The limited successes, and the more fundamental failures, of The Force Awakens derive from its deep (or maybe just desperate) conviction that there is such a formula. The production gathers many crucial elements: John Williams (whose score is as stirring as ever), Lawrence Kasdan (who brings a sense of warm levity much-missed in the prequels), and of course the old cast: Ford, Fisher, and (in a cameo that lasts mere seconds at the end of the film, but still works wonders) Mark Hamill as Luke Skywalker. There is no doubt in my mind that the strongest parts of the movie rely on the power of these sources. Luke's appearance in particular evoked a mood and a feeling that, to quote Obi-Wan Kenobi (Alec Guinness) in Star Wars, I haven't felt in "a long time...a long time." These faces, gestures, and expressions do have some totemic power, and they lend the film a real sense of gravity. Is this a cheap tactic? I wouldn't say that exactly. But the big reason they resonate is their connection to the missing element: George Lucas himself. Gathering such relics atop an altar only goes so far to duplicate the essential ritual when you're praying to the wrong god (think the ending of Lucas' own Raiders of the Lost Ark).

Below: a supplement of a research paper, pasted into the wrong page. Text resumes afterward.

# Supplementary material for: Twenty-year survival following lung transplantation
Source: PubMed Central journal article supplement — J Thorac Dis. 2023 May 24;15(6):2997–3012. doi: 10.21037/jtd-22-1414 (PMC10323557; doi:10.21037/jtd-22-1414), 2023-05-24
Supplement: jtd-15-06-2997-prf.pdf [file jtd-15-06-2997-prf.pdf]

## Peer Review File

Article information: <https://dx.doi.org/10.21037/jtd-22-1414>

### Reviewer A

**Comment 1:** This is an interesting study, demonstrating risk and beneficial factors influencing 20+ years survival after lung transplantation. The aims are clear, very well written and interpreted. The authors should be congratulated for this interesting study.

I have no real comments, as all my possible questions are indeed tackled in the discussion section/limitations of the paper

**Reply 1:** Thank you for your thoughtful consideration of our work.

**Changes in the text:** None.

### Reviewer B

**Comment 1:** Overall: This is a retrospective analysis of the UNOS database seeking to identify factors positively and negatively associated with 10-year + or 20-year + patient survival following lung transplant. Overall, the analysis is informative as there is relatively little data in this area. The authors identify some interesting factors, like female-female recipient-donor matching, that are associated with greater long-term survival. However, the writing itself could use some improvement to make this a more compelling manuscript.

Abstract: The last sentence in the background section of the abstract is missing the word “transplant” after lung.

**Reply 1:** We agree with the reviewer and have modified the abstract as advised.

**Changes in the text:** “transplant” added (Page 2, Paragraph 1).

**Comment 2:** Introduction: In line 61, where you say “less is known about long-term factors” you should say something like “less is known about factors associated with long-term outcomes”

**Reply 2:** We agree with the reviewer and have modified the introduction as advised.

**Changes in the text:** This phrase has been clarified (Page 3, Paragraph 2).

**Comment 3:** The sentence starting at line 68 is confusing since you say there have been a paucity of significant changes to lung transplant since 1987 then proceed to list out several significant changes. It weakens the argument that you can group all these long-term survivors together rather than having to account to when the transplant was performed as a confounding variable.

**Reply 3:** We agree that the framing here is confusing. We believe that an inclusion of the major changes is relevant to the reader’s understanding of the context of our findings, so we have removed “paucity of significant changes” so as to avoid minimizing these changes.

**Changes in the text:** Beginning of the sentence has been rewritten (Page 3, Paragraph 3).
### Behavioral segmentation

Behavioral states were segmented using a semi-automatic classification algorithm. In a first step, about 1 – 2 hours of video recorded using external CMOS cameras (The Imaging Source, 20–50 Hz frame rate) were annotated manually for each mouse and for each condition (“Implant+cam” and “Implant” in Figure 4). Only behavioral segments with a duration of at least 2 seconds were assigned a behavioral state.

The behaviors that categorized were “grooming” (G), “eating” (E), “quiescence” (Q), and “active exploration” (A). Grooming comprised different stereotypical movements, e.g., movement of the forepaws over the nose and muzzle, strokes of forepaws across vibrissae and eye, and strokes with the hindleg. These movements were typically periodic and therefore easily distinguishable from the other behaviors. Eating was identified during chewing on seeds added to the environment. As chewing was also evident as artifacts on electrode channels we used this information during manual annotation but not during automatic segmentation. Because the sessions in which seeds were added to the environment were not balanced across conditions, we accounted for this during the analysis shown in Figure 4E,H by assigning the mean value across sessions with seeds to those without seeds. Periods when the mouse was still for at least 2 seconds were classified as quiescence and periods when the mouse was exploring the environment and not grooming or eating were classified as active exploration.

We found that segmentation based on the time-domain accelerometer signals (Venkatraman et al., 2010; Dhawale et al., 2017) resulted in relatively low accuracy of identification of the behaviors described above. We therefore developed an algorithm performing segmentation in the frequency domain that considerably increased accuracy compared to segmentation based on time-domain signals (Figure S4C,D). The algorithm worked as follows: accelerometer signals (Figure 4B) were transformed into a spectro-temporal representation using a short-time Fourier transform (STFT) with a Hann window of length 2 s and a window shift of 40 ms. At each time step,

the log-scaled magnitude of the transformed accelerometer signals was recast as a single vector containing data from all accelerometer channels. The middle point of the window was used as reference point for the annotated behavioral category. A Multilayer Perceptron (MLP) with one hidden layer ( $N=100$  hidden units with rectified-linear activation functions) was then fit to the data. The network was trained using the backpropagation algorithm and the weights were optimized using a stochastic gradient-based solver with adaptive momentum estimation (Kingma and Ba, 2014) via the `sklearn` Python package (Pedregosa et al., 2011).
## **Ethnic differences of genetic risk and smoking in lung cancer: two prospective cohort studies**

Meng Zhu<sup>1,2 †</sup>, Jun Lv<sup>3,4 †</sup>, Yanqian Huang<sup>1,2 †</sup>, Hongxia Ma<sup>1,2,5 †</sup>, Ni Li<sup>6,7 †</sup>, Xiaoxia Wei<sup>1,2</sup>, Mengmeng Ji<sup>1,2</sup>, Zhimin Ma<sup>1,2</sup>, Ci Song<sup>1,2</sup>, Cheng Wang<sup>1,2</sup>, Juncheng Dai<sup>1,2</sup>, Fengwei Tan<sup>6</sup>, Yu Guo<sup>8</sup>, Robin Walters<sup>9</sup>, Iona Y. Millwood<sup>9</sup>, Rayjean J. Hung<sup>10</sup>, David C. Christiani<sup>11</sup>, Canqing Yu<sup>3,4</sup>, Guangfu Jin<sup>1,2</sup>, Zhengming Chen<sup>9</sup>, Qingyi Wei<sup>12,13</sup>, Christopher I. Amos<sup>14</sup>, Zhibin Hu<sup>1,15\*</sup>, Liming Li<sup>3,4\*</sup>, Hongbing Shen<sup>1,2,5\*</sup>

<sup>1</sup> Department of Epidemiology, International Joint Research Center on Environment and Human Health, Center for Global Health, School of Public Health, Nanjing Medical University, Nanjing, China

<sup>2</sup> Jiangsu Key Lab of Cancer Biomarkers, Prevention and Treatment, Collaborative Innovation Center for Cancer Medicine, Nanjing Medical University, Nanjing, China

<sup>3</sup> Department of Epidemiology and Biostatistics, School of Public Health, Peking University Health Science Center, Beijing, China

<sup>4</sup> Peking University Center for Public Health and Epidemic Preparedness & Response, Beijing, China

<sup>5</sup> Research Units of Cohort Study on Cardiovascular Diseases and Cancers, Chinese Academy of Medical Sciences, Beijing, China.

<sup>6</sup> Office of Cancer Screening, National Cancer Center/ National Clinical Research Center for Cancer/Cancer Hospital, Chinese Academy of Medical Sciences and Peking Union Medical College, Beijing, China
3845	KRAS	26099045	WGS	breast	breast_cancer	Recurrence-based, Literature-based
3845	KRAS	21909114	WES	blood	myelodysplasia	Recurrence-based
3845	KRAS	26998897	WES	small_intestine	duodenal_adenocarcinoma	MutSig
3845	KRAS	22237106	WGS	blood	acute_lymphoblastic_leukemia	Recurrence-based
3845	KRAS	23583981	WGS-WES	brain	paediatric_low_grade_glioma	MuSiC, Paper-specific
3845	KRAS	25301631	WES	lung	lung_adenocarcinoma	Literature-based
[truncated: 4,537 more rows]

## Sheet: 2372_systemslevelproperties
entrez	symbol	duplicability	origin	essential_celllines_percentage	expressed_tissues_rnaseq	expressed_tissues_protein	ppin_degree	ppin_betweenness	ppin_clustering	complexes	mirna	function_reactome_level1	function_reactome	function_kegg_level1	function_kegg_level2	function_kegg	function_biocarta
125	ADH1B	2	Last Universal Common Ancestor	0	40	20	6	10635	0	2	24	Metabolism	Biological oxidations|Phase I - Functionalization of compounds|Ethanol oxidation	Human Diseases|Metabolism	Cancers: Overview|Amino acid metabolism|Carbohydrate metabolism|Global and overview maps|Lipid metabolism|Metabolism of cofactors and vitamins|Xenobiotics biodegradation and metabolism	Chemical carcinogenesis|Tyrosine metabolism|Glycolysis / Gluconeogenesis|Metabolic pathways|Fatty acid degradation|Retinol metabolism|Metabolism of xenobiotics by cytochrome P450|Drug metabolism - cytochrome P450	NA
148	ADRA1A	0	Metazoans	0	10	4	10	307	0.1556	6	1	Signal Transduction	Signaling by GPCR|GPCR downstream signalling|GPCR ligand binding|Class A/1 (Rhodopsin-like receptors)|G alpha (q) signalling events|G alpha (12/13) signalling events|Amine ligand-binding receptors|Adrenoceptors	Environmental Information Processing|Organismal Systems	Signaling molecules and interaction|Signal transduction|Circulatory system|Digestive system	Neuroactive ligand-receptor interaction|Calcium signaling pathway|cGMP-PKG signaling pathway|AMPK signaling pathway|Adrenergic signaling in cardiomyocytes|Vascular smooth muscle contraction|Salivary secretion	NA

As an officiating priest, JJ Abrams does have some talent. I had mixed feelings about Super 8 (the only other Abrams film I've seen), and The Force Awakens evokes the same feelings. Abrams' knack is for recalling the aura of the filmmakers he reveres; in Super 8, it was Spielberg, while this time, it's Lucas. There is a slight feeling of quotation marks around the pastiche, of the bright pupil who knows how to mimic so well that his work seems more fundamentally "that thing" than even the thing itself - more like how we imagined or remembered it as being than it actually was. Both films attain this quality almost flawlessly in their first halves. But the closer one looks, the more slippery this achievement becomes. In Star Wars' case, the feeling of not-quite-there comes from Abrams' restless camerawork and cutting (there is little sense of meditative immersion in a moment, which hinders the otherwise very attentive and loving worldbuilding). Abrams may most emphatically undercut himself with his somewhat lazy sense of composition: so much of the movie feels unimaginatively anchored in the center of the frame, a quality brought to my attention by this brief breakdown before I saw the film.